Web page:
Fire Exit

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“You officers that are stationed, in front of the stage behind the barricade. You will go to Mr Maurice Shapiro, the first aid man and he will furnish you with earplugs, so as to keep you from having a headache. (If) he runs out of earplugs he has got some cotton; you can use that. We have a detention room, set up within the Colosseum. Any persons that you arrest, for ejection, will be brought to room D. Is that understood? You will take their names, their addresses and their telephone numbers. We will not allow any dancing. Running up and down the aisles. Is that Clear with everybody?

Thank you.”

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For Whom The Bell Tolls

Echo and Report

Continuity, the relationship between the past and the present.

Makes the archeology of Yeaviring predictable.

Archeology has a tomorrow and an idea of how far an archeologist can throw a trowel can be measured.

Note

The Collector and The Collected

Past in the Present, was the standard conference/ call for papers type heading in my undergraduate days. Memory would also have the same heading applied.

My predictive powers are poor I have less idea of what archeology looks like now.

Data has come from two excavations, strong resulting 70/ 80’s tone.  Destructive nature of investigation, expense and scale, empirical data is slight, fragmented and often distant in time. Dealing with a historical element of the subject itself as much as with the empirical/ scientific  aspects of the data.

 

The Incapacity of Buildings

There were a series of timber buildings constructed on the site that were excavated by archaeologists in the mid 20th century.

Building A1 was initially a “plain, aisled hall, devoid of annexes” which had a doorway situated on every wall. It was a large building, with wall timbers that were 5.5 to 6 inches thick set in trenches that varied from between 36 and 42 inches deep. After burning down in a fire, it was rebuilt “more robustly and precisely”, with additional eastern and western annexes being added. Excavators found that daub had apparently been used on the walls, being plastered on to the timber. This too burned down at some point, following which a third version of Building A1 was erected, containing only one annexe, on the eastern side. This final building would in time come to rot away where it stood.[11]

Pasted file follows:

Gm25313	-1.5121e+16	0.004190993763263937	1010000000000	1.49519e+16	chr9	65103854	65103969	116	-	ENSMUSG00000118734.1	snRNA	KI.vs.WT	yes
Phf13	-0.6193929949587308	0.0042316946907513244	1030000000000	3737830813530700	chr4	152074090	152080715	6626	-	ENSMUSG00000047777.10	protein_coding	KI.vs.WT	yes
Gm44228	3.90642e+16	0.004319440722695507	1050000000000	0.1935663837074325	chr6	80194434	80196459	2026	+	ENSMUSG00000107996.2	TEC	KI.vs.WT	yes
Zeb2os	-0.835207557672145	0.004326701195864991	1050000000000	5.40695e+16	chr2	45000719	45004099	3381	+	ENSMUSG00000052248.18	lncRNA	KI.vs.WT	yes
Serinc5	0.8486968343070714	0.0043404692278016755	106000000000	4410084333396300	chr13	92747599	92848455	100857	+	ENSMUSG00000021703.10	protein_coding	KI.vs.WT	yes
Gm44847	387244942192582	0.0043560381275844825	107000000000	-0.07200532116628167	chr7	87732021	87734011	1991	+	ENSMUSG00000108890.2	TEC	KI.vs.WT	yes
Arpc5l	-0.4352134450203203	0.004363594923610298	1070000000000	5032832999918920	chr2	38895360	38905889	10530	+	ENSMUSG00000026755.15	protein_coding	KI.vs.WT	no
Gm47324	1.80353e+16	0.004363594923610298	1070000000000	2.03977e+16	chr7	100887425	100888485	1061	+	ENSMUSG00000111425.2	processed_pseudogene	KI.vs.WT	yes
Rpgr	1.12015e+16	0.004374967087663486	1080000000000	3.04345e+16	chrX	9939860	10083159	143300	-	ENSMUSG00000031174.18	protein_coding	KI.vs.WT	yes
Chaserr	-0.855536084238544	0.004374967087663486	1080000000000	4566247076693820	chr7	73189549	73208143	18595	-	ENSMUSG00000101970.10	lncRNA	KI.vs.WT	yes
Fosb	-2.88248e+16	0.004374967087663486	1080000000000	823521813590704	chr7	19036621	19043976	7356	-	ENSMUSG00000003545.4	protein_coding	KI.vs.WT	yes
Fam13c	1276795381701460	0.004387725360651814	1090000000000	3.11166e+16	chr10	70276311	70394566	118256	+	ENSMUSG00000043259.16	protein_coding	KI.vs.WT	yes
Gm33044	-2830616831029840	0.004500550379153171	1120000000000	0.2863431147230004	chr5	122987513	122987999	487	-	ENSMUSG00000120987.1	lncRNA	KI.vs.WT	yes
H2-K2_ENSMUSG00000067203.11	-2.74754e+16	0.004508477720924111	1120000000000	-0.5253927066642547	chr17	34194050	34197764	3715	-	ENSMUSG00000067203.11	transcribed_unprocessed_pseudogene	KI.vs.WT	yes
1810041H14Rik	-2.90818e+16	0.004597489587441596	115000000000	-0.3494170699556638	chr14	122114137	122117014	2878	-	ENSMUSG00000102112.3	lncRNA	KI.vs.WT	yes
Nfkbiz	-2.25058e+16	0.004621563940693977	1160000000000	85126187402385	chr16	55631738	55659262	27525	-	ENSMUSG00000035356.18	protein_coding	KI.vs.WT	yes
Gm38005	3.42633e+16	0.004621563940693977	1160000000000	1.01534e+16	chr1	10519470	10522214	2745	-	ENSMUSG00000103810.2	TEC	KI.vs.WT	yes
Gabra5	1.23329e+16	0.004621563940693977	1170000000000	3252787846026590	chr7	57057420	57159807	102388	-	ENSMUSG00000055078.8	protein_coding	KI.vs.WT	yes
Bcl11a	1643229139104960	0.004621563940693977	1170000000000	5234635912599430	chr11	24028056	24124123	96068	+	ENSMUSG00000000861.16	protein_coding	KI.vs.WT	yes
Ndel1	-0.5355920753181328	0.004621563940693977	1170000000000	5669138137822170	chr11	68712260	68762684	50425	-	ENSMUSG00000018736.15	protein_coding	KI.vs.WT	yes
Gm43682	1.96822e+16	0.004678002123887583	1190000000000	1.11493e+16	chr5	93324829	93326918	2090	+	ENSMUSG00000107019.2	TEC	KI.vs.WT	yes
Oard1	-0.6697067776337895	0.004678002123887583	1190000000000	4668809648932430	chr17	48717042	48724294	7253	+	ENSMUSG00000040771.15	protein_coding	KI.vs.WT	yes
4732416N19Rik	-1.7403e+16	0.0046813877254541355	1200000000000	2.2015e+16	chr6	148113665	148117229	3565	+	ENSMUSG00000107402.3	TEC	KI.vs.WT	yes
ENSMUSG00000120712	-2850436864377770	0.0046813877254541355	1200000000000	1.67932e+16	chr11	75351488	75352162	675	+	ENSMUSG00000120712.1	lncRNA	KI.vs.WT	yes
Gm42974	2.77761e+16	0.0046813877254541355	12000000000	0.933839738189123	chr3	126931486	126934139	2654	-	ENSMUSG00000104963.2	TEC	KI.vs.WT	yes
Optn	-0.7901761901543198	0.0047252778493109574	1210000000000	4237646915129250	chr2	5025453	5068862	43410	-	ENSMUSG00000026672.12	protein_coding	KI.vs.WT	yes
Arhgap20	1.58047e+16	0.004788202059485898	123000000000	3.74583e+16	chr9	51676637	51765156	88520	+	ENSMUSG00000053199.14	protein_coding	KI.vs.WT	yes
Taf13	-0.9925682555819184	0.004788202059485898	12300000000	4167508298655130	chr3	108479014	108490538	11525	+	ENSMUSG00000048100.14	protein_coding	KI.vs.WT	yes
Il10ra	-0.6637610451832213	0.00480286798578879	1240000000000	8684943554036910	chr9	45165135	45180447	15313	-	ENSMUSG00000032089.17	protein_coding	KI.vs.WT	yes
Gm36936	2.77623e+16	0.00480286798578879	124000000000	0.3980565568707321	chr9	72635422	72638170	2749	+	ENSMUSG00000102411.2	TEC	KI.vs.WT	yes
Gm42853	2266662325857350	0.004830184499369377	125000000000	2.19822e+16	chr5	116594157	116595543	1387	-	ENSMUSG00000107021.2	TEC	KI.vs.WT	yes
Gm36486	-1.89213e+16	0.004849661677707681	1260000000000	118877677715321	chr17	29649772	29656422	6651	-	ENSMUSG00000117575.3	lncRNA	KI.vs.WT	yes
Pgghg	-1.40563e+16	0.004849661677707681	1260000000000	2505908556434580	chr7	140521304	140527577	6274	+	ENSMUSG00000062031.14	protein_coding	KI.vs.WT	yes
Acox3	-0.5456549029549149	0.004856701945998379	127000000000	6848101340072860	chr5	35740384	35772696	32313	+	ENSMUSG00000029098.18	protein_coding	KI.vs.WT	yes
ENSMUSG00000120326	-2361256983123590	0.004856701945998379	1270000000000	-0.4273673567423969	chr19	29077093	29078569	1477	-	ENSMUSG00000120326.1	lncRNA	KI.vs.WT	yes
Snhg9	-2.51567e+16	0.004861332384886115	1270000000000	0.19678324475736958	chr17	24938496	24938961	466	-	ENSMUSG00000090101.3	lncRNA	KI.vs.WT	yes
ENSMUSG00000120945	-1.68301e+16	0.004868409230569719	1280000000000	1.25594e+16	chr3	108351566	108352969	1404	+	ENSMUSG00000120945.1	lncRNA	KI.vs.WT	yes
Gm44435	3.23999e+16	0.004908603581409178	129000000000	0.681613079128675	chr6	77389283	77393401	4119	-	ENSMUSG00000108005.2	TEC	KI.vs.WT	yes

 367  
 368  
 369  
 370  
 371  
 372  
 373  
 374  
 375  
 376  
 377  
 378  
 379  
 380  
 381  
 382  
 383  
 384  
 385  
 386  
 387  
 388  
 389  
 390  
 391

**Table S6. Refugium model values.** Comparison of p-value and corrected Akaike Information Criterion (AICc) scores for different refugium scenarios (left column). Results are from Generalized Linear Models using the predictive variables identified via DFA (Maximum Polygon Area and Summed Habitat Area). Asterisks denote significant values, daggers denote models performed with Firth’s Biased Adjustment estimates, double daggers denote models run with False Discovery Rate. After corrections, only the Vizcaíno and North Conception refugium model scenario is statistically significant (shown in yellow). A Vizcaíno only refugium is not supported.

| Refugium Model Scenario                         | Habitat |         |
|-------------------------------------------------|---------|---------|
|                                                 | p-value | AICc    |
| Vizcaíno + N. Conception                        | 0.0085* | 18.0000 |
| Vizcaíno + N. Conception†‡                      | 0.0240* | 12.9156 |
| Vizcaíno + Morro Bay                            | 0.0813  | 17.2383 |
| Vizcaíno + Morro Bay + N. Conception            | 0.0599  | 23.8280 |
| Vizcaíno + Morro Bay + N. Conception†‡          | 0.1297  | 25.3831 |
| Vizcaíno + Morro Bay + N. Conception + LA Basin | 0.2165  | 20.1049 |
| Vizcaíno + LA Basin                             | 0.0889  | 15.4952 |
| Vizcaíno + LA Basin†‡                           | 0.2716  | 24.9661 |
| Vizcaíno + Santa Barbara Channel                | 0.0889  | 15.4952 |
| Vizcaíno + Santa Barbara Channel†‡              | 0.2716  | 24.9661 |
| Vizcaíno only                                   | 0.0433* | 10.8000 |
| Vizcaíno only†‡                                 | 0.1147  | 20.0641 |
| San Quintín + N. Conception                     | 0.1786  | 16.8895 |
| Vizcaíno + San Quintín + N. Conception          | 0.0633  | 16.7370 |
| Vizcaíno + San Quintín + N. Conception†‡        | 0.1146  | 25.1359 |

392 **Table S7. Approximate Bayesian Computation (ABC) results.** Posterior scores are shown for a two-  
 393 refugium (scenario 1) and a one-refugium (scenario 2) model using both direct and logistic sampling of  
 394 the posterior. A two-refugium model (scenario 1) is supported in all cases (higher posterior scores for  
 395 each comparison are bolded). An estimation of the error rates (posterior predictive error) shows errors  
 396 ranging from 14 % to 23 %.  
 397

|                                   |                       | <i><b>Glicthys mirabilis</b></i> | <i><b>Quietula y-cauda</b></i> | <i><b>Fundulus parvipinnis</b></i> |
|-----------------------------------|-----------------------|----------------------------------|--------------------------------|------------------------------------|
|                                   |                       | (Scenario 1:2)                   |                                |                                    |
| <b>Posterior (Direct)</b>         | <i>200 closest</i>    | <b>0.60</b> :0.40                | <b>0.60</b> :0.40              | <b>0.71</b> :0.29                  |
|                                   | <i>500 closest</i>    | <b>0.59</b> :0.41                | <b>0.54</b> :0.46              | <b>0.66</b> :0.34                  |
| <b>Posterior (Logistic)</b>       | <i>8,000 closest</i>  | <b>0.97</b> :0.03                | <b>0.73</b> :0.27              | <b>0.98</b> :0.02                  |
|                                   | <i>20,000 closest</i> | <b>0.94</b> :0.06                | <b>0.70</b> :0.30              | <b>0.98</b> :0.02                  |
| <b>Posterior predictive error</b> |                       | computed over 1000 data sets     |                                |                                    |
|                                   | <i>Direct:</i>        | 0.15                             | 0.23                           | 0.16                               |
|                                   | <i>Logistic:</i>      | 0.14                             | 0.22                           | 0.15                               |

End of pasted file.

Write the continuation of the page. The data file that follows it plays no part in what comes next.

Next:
Building A2 was a Great Hall with partitioning palisades that created ante-chambers at its two ends. Rather than being destroyed in a fire, it is apparent that the building was intentionally demolished most likely because “in a new phase of construction” at the site, “it had ceased to be useful.”[12] Archaeological excavators discovered that this building had been built on top of an earlier prehistoric burial pit.[13] Building A3 was also a Great Hall, and resembled a “larger and more elaborate version” of the second construction of Building A1. It was apparently destroyed in a fire, before being rebuilt and although some repairs were made in subsequent years, it gradually decayed in situ.[14] Building A4 was similar to A2 in most respects, but had only one partition, located on its eastern end.[15] However, Building A5 differed from these Great Halls, being described as “a house or even a cottage” by Hope-Taylor, and it apparently had a door on each of its walls.[16] Buildings A6 and A7 were identified as being older than A5, but were of a similar size.[17] Building B was another hall, this time with a western annexe.[18]